Photographer: Brent Lewin/Bloomberg

Bank of Canada Reiterates Caution in Holding Rates Steady

Updated on
  • Central bank leaves benchmark interest rate at 1 percent
  • Sees ongoing slack in labor market, makes no mention of dollar

The Bank of Canada kept borrowing costs on hold at its last interest rate decision of 2017 and reiterated it will be “cautious” with future moves, indicating it’s in no rush to cool an economy that is very close to capacity.

Policy makers led by Governor Stephen Poloz left the benchmark overnight rate at 1 percent, as the market expected. It’s the second straight hold after consecutive hikes in July and September.

Even as it acknowledges borrowing costs will eventually need to rise, the Bank of Canada is handling the normalization of rates very carefully, wary of triggering another downturn. One argument, repeated Wednesday, is that geopolitical uncertainties remain around U.S. trade policies.

“While higher interest rates will likely be required over time, Governing Council will continue to be cautious,” the Ottawa-based central bank said in its statement. “The current stance of monetary policy remains appropriate.”

The Canadian dollar reversed gains after the statement, weakening 0.7 percent to C$1.2777 per U.S. dollar at 11:10 a.m. in Toronto. Yields on Canadian government bonds fell across all maturities, with the rate on the country’s two-year bonds dropping four basis points to 1.5 percent.

Swaps trading suggests investors pushed back their expectations for the next rate increase, with the likelihood of a hike in the first quarter now at 60 percent from as high as 75 percent earlier this week.

“Today’s communique abruptly pulled the rug out from underneath rates markets,” TD Securities strategists led by Frederick Demers wrote in a note, adding the drop in short-term yields could go further if Poloz conveys a dovish tone at a speech Dec. 14.

Higher rates will eventually be needed to account for an economy that’s been one of the strongest in the developed world with a jobs market on a tear. Even with an anticipated second-half slowdown, Canada is headed for 3 percent growth this year. Its unemployment rate, meanwhile, has fallen to the lowest in a decade.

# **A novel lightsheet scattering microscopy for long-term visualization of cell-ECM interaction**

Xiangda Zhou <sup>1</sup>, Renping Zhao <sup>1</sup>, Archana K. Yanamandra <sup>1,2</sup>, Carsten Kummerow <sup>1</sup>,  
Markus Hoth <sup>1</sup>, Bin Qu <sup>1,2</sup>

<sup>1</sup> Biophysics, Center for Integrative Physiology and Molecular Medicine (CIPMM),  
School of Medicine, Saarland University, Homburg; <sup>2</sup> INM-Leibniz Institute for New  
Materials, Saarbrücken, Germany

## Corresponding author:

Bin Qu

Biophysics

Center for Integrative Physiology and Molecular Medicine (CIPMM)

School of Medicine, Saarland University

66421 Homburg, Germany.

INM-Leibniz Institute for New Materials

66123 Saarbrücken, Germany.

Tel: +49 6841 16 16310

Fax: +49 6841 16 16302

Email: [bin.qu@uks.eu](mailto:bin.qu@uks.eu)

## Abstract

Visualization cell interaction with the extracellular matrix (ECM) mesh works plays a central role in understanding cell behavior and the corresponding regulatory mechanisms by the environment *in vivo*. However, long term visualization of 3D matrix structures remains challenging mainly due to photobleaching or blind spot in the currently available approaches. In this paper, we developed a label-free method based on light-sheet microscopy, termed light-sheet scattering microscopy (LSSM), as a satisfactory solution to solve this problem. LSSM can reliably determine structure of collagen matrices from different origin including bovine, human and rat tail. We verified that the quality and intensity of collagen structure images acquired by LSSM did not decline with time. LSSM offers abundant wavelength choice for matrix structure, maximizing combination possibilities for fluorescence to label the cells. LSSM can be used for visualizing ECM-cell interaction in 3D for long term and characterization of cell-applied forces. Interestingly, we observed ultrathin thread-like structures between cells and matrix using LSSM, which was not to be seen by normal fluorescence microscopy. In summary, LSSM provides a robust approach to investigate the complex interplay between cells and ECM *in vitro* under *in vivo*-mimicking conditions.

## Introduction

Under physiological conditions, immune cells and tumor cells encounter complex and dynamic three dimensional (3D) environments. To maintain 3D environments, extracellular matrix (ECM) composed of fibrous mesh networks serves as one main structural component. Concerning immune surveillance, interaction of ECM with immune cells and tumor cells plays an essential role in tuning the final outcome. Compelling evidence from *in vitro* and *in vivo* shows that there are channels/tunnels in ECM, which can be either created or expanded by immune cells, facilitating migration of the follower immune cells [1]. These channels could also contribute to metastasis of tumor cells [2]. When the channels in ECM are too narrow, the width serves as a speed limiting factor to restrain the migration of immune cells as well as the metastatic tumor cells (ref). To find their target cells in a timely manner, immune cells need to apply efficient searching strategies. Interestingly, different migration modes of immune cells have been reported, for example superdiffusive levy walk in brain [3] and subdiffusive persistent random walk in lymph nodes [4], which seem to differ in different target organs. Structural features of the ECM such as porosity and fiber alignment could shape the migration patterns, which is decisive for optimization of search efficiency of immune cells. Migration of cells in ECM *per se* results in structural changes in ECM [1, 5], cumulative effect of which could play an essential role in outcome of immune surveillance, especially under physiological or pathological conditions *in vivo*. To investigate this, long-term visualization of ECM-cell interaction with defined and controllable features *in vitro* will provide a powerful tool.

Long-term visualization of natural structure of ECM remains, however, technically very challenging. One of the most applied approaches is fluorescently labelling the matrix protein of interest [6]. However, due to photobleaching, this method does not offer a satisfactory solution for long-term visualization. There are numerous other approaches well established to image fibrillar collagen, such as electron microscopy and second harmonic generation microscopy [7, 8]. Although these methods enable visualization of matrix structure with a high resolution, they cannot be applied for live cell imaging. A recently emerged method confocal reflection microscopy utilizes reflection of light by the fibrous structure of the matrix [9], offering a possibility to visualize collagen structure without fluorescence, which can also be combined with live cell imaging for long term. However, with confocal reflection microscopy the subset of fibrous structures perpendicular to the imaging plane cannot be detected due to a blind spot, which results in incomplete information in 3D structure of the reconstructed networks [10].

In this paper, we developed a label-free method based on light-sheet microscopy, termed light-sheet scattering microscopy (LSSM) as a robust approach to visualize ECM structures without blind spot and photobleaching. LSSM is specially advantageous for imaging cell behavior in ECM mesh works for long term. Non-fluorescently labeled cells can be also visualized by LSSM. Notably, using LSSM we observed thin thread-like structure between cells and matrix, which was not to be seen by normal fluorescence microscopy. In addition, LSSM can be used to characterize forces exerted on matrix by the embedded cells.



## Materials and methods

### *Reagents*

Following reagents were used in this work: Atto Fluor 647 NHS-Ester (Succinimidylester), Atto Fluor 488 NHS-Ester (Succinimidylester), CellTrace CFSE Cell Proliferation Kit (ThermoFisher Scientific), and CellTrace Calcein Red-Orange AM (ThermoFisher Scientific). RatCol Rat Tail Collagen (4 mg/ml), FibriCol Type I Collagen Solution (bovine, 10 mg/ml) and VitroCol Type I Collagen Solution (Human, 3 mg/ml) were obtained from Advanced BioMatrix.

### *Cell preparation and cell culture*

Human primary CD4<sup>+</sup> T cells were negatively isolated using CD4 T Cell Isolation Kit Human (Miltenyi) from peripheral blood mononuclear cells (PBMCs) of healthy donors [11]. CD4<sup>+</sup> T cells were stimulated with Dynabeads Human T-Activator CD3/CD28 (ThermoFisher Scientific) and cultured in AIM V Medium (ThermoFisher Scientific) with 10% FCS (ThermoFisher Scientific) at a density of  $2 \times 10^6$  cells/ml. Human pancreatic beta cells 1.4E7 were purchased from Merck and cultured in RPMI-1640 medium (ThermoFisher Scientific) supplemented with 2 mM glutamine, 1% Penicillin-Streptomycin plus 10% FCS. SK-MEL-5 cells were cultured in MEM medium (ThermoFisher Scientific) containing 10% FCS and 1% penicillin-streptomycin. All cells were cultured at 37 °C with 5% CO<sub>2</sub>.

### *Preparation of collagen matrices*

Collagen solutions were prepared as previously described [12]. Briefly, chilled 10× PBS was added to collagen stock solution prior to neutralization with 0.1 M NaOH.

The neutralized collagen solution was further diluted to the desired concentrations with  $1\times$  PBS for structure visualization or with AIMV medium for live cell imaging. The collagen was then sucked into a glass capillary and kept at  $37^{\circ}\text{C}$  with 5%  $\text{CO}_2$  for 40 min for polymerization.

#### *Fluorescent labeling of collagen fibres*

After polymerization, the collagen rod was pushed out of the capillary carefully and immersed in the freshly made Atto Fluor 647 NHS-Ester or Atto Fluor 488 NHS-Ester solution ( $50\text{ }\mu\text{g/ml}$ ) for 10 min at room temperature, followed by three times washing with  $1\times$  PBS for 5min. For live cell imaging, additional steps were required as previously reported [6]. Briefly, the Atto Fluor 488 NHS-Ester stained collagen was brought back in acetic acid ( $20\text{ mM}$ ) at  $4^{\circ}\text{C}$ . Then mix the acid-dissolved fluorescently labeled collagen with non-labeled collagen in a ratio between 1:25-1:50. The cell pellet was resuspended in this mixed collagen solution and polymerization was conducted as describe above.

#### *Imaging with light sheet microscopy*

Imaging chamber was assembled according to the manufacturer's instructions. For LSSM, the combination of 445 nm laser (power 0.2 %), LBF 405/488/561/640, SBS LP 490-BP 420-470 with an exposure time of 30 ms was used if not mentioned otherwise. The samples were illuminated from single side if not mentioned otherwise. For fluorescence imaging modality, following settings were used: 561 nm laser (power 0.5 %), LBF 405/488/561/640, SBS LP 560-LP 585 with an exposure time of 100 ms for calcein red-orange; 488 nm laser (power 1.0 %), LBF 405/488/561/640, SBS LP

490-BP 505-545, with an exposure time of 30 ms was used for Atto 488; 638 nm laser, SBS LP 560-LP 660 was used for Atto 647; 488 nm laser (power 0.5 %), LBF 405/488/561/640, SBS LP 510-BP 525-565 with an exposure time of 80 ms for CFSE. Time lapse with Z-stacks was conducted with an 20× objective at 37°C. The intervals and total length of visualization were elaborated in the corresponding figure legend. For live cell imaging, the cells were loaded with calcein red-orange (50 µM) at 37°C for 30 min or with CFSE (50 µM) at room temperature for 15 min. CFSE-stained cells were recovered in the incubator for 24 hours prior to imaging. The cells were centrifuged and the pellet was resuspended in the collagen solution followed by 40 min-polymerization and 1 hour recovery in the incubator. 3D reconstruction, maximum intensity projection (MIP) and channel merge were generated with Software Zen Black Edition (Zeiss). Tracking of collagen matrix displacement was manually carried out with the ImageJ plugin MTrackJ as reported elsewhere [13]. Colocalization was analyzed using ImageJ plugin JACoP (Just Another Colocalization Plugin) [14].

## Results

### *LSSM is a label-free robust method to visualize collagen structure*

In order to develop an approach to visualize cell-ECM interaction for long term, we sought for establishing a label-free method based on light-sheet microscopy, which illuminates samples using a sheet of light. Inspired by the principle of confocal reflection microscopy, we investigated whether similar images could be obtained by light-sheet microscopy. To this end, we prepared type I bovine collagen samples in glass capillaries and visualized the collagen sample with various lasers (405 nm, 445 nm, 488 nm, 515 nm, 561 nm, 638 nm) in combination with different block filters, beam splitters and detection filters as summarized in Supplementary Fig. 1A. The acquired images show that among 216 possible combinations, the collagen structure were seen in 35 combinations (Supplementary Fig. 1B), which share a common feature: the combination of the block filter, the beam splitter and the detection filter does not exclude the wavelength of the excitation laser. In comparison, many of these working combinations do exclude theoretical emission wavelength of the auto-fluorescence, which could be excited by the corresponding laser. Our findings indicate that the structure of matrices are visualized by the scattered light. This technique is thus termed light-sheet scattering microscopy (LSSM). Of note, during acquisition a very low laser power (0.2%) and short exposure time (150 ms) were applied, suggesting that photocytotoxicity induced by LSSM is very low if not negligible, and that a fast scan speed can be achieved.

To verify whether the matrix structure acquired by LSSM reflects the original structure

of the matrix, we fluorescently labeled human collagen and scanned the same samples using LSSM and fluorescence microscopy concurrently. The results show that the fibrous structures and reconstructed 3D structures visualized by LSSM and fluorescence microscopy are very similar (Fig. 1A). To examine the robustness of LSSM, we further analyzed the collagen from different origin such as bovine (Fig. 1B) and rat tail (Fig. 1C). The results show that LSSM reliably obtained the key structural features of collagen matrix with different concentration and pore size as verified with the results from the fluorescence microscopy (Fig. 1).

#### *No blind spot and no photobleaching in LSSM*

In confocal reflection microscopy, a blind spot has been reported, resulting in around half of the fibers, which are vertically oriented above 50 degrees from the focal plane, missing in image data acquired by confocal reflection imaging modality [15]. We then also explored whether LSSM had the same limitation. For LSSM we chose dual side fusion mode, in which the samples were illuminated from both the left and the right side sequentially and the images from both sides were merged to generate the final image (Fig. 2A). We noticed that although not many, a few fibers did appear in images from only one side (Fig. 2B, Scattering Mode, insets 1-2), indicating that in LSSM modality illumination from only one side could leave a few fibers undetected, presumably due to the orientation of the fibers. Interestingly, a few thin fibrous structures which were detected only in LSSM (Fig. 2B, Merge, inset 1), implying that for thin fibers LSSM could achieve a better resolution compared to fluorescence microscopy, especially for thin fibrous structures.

By the central bank’s own measure, interest rates are still a full 2 percentage points below what it would consider “neutral.”

In its statement, the Bank of Canada gave a nod to the nation’s employment strength and recent wage gains. But it stuck to its assessment that excess labor capacity remains. “Despite rising employment and participation rates, other indicators point to ongoing -- albeit diminishing -- slack in the labor market,” policy makers said.

Removing the reference to labor slack would have been regarded as a hawkish move that could be suggestive of an interest rate increase as early as January.

“There was fear they could overemphasize the job figure but they were as balanced as they could be,” said Mark Chandler, head of fixed income research at Royal Bank of Canada.

Read a history of the Bank of Canada’s rate decisions since 2001

The central bank cited buoyant global growth, higher oil prices and eased financial conditions, but cautioned the “global outlook remains subject to considerable uncertainty, notably about geopolitical developments and trade policies.”

It also said recent Canadian economic data are in line with its October projections, which “was for growth to moderate while remaining above potential in the second half of 2017.”

The central bank, meanwhile, downplayed recent revisions to gross domestic product that suggest historical output was higher than initially estimated, saying the new data may not necessarily imply tighter capacity conditions.

One change in the statement was the removal of any reference to the Canadian dollar. In October, the dollar’s appreciation earlier this year was cited as a factor for slower exports. The loonie has, however, slumped since September.

One argument against rate increases has been weak inflation, which has undershot the central bank’s 2 percent target for years. Policy makers acknowledged a pick-up in core inflation measures that reflects “the continued absorption of economic slack”, while higher-than-anticipated headline inflation has been boosted in the “short-term by temporary factors, particularly gasoline prices.”

— With assistance by Erik Hertzberg, and Maciej Onoszko

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